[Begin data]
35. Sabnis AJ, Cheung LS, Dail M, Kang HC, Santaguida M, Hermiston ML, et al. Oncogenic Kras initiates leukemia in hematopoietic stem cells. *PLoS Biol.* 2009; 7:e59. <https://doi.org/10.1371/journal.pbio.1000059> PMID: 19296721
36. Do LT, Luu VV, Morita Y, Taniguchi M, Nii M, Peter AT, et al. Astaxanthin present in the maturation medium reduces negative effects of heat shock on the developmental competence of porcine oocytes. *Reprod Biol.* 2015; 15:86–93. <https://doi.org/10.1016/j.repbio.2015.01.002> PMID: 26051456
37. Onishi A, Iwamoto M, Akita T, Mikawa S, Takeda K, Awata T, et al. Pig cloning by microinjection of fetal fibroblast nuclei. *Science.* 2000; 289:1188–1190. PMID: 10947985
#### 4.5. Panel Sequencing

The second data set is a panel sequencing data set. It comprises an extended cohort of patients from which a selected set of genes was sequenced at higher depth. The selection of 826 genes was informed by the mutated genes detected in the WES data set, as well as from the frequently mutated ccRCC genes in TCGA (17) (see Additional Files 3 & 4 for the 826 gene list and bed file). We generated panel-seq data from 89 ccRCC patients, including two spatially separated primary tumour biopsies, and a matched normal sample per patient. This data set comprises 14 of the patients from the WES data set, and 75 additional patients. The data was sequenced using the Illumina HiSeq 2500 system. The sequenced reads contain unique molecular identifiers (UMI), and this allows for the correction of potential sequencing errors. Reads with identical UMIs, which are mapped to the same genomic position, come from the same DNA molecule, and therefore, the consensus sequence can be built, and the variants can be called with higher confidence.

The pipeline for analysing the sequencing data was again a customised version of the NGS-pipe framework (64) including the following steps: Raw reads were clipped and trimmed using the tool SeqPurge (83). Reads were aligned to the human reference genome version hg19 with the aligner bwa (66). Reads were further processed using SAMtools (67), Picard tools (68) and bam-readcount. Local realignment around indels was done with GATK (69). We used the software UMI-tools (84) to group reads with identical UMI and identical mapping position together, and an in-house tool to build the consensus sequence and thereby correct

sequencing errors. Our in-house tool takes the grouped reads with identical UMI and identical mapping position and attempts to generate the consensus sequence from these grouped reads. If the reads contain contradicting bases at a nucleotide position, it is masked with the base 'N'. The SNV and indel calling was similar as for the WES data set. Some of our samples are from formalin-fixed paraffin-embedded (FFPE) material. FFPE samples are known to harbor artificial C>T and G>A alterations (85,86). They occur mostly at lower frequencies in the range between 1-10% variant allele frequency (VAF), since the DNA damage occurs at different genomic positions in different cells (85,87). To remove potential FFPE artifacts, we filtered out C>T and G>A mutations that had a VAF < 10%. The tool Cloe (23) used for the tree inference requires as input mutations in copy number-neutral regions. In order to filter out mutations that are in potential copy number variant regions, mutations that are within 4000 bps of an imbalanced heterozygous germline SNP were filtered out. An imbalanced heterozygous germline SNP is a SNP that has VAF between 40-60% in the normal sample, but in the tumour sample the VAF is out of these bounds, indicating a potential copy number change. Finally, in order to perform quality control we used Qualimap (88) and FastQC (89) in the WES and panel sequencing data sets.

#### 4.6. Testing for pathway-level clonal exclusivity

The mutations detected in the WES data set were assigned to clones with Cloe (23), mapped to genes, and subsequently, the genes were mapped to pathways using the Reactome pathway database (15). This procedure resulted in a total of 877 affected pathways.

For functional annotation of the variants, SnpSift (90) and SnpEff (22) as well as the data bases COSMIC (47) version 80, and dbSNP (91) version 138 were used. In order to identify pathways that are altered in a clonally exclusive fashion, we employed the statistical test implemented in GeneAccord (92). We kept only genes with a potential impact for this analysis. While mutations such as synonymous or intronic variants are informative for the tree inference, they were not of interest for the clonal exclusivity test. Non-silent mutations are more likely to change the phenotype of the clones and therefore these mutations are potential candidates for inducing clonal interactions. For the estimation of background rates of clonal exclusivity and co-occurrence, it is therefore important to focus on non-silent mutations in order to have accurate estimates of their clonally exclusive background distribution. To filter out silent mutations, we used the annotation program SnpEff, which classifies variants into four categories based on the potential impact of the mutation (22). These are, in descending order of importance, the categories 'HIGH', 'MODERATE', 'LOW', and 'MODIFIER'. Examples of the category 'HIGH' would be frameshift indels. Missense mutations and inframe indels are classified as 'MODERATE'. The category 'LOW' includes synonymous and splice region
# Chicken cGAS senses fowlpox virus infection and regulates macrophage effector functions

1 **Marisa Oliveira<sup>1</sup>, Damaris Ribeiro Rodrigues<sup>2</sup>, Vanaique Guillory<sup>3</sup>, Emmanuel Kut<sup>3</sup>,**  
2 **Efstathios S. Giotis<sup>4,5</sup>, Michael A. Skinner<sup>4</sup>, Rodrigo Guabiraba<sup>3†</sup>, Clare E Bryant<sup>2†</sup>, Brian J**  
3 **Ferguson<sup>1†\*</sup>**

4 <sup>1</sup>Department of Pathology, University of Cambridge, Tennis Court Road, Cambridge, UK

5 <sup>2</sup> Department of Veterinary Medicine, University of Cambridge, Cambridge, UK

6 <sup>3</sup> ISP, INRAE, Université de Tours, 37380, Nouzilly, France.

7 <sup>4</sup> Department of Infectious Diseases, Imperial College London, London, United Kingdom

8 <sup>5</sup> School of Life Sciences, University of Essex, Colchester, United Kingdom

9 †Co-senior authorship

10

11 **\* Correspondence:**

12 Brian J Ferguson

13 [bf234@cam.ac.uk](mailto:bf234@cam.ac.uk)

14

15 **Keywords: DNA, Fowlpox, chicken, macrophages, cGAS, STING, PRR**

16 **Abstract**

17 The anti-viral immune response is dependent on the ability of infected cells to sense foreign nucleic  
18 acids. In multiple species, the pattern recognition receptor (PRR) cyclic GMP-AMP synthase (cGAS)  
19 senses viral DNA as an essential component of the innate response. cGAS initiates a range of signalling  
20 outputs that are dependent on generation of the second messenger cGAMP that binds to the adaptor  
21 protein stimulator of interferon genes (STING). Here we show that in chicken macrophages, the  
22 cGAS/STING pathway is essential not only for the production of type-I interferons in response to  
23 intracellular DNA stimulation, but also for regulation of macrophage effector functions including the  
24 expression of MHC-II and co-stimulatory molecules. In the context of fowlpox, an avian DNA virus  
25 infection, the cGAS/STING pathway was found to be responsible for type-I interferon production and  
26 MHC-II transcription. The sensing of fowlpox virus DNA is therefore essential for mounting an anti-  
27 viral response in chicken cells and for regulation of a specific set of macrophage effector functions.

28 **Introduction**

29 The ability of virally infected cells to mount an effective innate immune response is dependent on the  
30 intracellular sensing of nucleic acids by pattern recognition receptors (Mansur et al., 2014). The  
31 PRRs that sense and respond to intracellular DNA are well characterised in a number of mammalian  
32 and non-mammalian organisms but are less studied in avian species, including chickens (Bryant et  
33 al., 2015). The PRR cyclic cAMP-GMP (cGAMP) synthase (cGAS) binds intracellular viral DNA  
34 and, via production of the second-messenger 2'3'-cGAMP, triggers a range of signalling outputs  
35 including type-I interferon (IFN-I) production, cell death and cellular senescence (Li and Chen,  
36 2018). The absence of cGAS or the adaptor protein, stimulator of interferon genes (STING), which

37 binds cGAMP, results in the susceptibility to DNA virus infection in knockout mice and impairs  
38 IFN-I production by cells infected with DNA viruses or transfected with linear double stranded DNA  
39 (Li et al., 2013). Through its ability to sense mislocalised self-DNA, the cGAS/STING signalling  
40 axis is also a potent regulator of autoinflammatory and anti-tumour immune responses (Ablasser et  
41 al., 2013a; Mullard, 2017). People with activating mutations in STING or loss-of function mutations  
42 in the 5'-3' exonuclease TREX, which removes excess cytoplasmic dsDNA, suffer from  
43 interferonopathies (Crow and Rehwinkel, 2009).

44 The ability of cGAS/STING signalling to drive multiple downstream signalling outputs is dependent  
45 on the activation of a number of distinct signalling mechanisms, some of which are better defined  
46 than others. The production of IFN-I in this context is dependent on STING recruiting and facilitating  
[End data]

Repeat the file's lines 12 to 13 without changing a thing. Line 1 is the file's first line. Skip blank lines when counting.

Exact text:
1 **Marisa Oliveira<sup>1</sup>, Damaris Ribeiro Rodrigues<sup>2</sup>, Vanaique Guillory<sup>3</sup>, Emmanuel Kut<sup>3</sup>,**  
2 **Efstathios S. Giotis<sup>4,5</sup>, Michael A. Skinner<sup>4</sup>, Rodrigo Guabiraba<sup>3†</sup>, Clare E Bryant<sup>2†</sup>, Brian J**  